Since 1971, the California Duck Stamp Program’s annual contest has attracted top wildlife artists from around the country. The contest is traditionally open to artists from all 50 states in order to ensure a wide pool of submissions. All proceeds generated from stamp sales go directly to waterfowl conservation projects throughout California.

In the past, hunters were required to purchase and affix the stamp to their hunting licenses. Today, hunters are no longer required to carry the stamps because California’s modern licensing system prints proof of additional fees paid directly onto the license.

However, CDFW still produces the stamps, which can be requested on CDFW’s website at .


True for all major networks this fall season, the NBC network faces challenges for a schedule that could be affected by the pandemic. Especially worrisome just might be the Sunday night lineup.

Programming for primetime Sunday relies on the NFL adhering to its announced program of pro football matchups for the network’s Sunday Night Football, which is preceded by Football Night in America’s highlights of the daytime games.

With the Raiders in the new Las Vegas Allegiant Stadium and the Rams and Chargers at the new Los Angeles SoFi Stadium, the team owners and the league are banking on a season to showcase the state-of-the-art facilities.

Dick Wolf’s franchise “Chicago” series takes up all of Wednesday night, and new for this fall is a spinoff from his “Law & Order: Special Victims Unit.” That would be “Law & Order: Organized Crime,” starring Christopher Meloni reprising his “SVU” detective Elliot Stabler.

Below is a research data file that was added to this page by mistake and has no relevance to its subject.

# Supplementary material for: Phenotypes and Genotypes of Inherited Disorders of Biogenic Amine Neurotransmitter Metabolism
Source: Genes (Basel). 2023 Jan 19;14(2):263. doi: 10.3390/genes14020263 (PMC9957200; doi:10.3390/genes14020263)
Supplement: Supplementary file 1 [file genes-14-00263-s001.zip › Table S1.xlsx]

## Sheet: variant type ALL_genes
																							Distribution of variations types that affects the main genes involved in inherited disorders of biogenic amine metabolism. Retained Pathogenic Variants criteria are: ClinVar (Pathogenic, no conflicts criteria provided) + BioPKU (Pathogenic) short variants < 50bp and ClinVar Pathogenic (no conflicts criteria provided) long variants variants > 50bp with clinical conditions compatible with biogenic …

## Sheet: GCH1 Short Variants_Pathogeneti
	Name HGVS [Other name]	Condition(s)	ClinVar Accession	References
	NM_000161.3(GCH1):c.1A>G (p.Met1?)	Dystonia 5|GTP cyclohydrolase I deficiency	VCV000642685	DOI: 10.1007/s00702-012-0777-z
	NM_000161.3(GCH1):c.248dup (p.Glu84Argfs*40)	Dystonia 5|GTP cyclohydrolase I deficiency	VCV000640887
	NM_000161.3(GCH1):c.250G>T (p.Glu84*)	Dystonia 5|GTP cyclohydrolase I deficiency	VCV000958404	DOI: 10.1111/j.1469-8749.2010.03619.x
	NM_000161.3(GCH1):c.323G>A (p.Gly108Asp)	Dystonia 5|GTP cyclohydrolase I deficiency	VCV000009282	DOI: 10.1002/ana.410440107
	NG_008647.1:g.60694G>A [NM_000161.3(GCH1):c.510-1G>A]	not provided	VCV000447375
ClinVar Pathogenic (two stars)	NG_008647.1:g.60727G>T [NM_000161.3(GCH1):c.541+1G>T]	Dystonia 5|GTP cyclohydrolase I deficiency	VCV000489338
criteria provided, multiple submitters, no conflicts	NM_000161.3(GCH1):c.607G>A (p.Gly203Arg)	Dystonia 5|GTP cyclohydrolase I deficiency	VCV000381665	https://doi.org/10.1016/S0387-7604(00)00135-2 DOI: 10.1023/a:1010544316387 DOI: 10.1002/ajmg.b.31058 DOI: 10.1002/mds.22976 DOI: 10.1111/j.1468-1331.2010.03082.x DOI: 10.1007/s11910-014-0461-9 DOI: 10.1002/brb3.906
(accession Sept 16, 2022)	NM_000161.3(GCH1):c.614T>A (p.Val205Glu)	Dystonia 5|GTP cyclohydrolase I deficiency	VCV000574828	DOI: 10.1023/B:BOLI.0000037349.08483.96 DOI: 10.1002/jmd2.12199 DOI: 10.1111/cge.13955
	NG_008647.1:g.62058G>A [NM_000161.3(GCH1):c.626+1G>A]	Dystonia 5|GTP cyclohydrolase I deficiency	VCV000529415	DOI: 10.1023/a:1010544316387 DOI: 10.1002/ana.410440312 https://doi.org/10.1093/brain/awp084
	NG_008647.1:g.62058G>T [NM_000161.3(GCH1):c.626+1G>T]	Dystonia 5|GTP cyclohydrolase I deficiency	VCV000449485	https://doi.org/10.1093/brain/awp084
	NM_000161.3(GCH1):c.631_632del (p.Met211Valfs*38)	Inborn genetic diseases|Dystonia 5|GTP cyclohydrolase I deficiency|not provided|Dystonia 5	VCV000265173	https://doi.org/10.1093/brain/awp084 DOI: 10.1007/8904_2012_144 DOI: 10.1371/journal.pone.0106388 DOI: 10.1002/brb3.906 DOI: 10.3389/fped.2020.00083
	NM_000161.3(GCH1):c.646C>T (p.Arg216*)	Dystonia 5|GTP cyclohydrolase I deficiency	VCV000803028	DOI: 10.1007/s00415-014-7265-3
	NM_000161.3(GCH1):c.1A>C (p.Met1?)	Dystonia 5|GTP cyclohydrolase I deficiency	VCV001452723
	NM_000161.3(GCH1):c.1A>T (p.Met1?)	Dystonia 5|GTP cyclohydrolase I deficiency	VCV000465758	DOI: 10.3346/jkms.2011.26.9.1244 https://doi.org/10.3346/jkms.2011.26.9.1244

Nearly a decade ago, Detective Stabler was written out of “SVU,” but now he’s back in a special unit of the NYPD leading a battle against organized crime after a devastating personal loss. What tragedy may have befallen Stabler is apparently not known at this time.

The network is touting the fact that Stabler must not only adapt to changes in the criminal justice system, but leading a task force to take down powerful criminal syndicates is a path to absolution and rebuilding his life.

On “Special Victims Unit,” Meloni’s Stabler was partnered with Mariska Hargitay’s detective Olivia Benson, where they had great chemistry as a team. Chances are good for potential crossovers of the two “Law & Order” shows to reunite them.

Ted Danson’s run on “The Good Place” has come to an end, freeing him up to take the lead in “Mr. Mayor,” which looks to be a midseason comedy series. His role is described as a wealthy businessman who runs for mayor of Los Angeles for all the wrong reasons.

After winning the election, the mayor has to figure out what he stands for, gain the respect of his staff, and connect with his teenage daughter. The last wealthy guy elected mayor of Los Angeles was Richard Riordan, but this is not his story.